Motorsports community reacts to Carl Haas’ passing

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Tributes have rolled in following the news that racing and automotive parts legend Carl Haas has died at age 86.

A successful team owner, driver, promoter and businessman, Haas was probably best known within the motorsports community as team co-owner of Newman/Haas Racing, one of the most successful teams in North American open-wheel racing, although he was also involved in much more.

INDYCAR has produced the following video, which is below:

Here are a number of statements and tributes that have followed in the aftermath of this news:

Mario Andretti, racing legend and Newman/Haas Racing’s original driver: “Carl had a heart of gold and a deep commitment to our sport. He earned the respect and admiration of his competitors and all those who drove for him through the years for being tenacious yet fair. In fielding teams in various series from SCCA to Formula 1, Carl always sought the best equipment, the best drivers, and the best team personnel. His legacy especially in Indy Cars will be his phenomenal record of victories and championships, thanks in part to the great supporting cast I just mentioned. When I recall the joys of my whole career, I have to include my tenure at Newman/Haas because of the people. Spending 12 seasons with Carl and Berni and Paul Newman was amazing, triumphant, relentless work and heartwarming. All of it. The sport has lost a colorful character, but Carl Haas is unforgettable. He will always be an icon in motorsports and myself and so many others have lost a dear friend.”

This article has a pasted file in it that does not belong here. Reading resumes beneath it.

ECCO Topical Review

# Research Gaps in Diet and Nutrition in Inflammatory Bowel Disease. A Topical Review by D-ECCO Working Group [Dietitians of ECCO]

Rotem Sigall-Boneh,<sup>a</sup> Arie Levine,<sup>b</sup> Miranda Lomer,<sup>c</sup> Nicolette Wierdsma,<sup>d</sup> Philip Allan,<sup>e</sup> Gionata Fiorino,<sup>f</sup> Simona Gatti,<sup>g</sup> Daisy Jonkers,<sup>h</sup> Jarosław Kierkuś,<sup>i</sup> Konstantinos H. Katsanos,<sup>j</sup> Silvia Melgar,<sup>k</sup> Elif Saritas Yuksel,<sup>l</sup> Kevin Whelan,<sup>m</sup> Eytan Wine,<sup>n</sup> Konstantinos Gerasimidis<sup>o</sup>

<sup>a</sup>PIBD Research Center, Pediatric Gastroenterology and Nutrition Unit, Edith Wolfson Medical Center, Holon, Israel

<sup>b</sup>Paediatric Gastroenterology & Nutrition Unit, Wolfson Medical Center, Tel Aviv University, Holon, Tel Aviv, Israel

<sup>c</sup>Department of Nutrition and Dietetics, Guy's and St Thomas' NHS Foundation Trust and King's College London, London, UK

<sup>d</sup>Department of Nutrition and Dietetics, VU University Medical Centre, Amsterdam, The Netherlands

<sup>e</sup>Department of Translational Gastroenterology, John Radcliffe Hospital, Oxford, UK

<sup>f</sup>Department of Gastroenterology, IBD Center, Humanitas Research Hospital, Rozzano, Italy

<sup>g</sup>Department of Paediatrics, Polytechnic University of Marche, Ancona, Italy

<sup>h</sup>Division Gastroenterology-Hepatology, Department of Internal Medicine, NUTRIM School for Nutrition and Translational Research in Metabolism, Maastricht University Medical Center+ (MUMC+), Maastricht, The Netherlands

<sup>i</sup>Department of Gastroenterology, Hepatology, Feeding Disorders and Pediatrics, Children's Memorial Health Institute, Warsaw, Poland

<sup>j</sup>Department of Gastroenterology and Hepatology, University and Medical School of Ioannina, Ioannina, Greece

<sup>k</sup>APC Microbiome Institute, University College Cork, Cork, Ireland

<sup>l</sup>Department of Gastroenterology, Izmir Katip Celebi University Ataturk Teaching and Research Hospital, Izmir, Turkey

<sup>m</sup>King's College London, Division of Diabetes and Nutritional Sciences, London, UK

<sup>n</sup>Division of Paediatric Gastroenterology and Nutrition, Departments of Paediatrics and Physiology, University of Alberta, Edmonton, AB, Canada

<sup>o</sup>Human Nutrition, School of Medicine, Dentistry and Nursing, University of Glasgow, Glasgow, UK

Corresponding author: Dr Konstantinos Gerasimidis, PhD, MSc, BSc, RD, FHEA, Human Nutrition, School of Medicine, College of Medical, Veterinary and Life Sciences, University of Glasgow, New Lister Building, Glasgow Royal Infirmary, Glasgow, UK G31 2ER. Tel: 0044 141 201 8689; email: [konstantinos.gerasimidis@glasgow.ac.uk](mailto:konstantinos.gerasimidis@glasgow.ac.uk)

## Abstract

Sebastien Bourdais, four-time Champ Car champion for Newman/Haas Racing: “It is with great sadness that I heard the news of Carl’s passing. Back in 2002, Carl gave me the opportunity of a lifetime when he hired me to drive the second Newman/Haas Racing in CART for the 2003 season. He did so with no sponsor to run the car, and I will be forever grateful for the faith he placed in me. From 2003 to the end of 2007, the whole team became a real family to me, thanks to him, Bernie and Paul, who had successfully assembled the best group of guys I ever worked with. Today, I can only feel privileged to have been able to contribute with poles, wins and championships to Carl’s racing legacy. My deepest condolences to Bernie and their family. Carl, you will be dearly missed.”

Dario Franchitti, three-time Indianapolis 500 and four-time IndyCar champion (via Facebook): “I’m so sad to hear of the passing of Carl Haas. He owned cars in all kinds of series, can am, F1, NASCAR and of course Indycar where he became a legend. Together with Paul Newman they had many huge years, world class drivers, big sponsors and a great team of people, in later years though Carl and Paul dug into their own pockets to keep that group of amazing people together. He was an unbelievably hard business man but loved his sport.
I talked with Carl and Paul once to come to their team, Paul wanted to drink beer and talk it over… Negotiating with Carl is something neither my manager Julian or I will ever forget!! He wrote the book.
Carl was an eccentric, hilariously so at times. I’ll tell you this though, when I won a race or championship or had another sizeable crash the first email I always received was from Carl and Bernie either to congratulate me or to ask if I was ok and if I needed anything.